All kamaainas should decide on state lands


POSTED: Sunday, April 12, 2009

In last Sunday's Insight section, Ted Hong, the Hilo attorney, explained the recent U.S. Supreme Court's unanimous decision on Hawaiian ceded lands that concluded that the state, not any subgroup, holds lands in public trust to benefit all citizens. Succinctly stated: “;Kamaainas are we.”;

Suddenly, like the original Hawaiians, we all find ourselves in the same boat. Sailing again aboard our Hokule'a, we must depend on our own wits and wisdom to reach our common goals. Otherwise, we will not reach our destination, nor survive should we arrive there.

In that same edition, Lt. Gov. Duke Aiona takes the classic, paternalistic position of the missionaries to protect the native Hawaiians from involvement in a more open, larger and sharing community. Seeking to preserve Hawaiian culture, he, in fact, manages to isolate Hawaiians from broader social interactions and common benefits.

Ironically, his paternalism alienates Hawaiians from making beneficial changes in the larger community. Instead, he sees that the onus now transfers to the state to make good on the Apology Resolution and the Akaka Bill, and separate out and herd the Hawaiians onto their own limited reservation.

Conversely, Abigail Kawananakoa apparently engaged the issue playing the blame game: According to Walter Heen, vice chairman of the Office of Hawaiian Affairs, “;She says OHA has not helped any families”; (Star-Bulletin letters, April 4). He asserts that OHA, at great cost, has assisted Hawaiian students in special immersion schools and scholars at the University of Hawaii to advance themselves. By making Hawaiians a special class, we isolate them from the benefits and contributions they could receive and make to the larger society. Worse, targeted charity inadequately responds to the need.

Similarly, the “;success”; of the Kamehameha Schools trust focuses on educating a social elite funded with the income that flows from the state's largest charitable trust reserved for the benefit of native Hawaiians. The fact that talented Hawaiians emerge from these schools should surprise no one. The frustration comes when private charity limits the range and size of that achievement. The trust thus converted a social benefit for all kamaainas into a limited benefit for 4 percent of the native Hawaiians.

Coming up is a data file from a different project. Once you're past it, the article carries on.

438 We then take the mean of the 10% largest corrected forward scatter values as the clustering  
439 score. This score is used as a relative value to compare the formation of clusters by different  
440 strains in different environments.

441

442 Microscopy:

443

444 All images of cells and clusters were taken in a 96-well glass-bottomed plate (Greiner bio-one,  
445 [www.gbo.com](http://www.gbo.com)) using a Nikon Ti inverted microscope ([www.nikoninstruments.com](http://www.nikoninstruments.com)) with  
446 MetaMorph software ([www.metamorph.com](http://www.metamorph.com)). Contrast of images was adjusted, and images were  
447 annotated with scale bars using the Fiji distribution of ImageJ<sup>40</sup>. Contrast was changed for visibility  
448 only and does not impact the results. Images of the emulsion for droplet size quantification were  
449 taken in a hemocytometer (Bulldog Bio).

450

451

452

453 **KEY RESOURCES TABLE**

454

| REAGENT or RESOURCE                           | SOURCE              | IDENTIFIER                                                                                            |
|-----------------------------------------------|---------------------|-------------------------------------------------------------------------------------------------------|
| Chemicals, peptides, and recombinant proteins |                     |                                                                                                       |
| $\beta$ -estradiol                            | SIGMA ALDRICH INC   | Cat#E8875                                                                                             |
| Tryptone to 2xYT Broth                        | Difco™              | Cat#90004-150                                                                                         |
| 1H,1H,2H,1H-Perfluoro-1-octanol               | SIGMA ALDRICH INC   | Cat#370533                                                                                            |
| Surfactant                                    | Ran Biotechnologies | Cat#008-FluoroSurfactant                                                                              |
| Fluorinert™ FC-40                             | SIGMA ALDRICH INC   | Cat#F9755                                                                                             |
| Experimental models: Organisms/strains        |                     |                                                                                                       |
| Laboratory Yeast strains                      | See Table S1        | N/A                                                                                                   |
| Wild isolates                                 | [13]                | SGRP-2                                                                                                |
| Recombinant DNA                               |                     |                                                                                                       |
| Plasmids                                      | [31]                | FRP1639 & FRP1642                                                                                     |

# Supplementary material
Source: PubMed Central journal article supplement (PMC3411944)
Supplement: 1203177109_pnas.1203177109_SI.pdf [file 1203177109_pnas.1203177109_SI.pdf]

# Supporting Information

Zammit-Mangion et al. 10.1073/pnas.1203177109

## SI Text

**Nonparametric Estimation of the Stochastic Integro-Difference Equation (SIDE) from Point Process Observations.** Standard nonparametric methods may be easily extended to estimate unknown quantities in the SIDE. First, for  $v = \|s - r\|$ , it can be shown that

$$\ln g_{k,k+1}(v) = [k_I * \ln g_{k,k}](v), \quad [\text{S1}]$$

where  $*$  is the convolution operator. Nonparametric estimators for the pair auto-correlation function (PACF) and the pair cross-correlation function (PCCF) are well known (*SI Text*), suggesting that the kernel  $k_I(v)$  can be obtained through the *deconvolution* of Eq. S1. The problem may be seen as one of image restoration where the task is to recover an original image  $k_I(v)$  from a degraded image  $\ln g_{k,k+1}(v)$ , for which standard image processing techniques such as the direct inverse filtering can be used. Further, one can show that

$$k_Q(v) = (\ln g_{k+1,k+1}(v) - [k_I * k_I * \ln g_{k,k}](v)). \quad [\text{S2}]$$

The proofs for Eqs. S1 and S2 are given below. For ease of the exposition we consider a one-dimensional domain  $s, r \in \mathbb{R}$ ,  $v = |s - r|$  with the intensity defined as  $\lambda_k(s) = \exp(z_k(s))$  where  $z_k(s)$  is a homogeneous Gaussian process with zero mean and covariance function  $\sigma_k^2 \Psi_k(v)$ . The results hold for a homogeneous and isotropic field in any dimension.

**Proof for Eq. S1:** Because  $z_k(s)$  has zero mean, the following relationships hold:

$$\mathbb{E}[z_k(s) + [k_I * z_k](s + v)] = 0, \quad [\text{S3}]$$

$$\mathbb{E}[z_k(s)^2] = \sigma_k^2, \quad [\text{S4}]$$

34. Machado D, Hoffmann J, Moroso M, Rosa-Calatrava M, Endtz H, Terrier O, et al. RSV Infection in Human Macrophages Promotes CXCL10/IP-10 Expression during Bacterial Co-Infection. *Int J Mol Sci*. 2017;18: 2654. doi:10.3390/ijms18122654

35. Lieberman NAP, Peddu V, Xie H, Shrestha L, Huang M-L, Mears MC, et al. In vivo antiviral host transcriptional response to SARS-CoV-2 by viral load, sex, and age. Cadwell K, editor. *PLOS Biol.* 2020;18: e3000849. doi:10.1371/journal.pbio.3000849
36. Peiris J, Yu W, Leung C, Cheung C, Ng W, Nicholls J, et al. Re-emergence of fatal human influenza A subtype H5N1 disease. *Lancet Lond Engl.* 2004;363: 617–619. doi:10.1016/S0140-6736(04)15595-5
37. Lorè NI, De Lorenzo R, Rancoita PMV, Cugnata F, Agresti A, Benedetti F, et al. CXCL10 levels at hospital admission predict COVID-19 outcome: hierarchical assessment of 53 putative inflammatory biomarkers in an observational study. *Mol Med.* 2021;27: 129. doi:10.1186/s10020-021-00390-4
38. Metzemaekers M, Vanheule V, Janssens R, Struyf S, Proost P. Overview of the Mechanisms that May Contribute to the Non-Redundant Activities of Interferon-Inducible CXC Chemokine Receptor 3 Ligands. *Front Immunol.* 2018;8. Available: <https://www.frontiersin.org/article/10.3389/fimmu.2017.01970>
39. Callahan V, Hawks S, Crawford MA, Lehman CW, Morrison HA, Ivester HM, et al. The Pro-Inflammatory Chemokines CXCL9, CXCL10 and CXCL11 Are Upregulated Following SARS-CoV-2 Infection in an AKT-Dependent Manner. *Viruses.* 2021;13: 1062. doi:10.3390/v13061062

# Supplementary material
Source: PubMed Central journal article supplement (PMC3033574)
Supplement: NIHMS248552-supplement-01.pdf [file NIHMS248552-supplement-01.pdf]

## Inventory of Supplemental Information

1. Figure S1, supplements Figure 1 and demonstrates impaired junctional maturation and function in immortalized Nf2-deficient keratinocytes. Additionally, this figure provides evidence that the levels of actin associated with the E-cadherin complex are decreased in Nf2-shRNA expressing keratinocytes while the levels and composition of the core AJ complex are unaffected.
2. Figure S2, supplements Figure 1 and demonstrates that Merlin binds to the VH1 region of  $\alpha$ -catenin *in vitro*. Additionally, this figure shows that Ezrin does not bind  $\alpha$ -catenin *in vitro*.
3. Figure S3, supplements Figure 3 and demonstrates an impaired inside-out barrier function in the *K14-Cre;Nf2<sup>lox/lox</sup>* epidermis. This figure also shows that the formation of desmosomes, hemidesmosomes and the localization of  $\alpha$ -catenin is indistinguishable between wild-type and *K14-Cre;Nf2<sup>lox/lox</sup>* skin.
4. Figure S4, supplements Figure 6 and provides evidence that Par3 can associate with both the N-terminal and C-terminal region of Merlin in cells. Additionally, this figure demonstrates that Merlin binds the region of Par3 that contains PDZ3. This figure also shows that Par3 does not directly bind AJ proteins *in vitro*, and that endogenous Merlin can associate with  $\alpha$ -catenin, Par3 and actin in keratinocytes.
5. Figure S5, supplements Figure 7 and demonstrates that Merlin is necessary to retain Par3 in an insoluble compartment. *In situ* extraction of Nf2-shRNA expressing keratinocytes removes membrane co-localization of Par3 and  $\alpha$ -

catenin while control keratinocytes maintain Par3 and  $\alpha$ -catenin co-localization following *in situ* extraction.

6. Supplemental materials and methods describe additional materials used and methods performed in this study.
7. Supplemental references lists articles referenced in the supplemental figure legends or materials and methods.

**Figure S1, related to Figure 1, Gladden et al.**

No wonder factions riddle the native Hawaiian community, they have so little over which they can contend. Conversely, the reason they have not won over the majority to their minority demands reflects on goals that do not benefit all parties equally. One cannot build a viable community based on charity. You cannot generate leaders with real vision until they see the bigger picture. By rewarding all, they, in turn, will become more richly rewarded. Then Hawaiian leaders will arise who lead rather than plead. By initiating programs that do not benefit all, but enhance and benefit the few, they scavenge their own futures.

Seize the day; all state lands are ours. How will we use them to benefit everyone, and thus convert everyone into us? Let's get on board now and sail this community into a united, better future.


Robert Tellander is a retired sociology professor.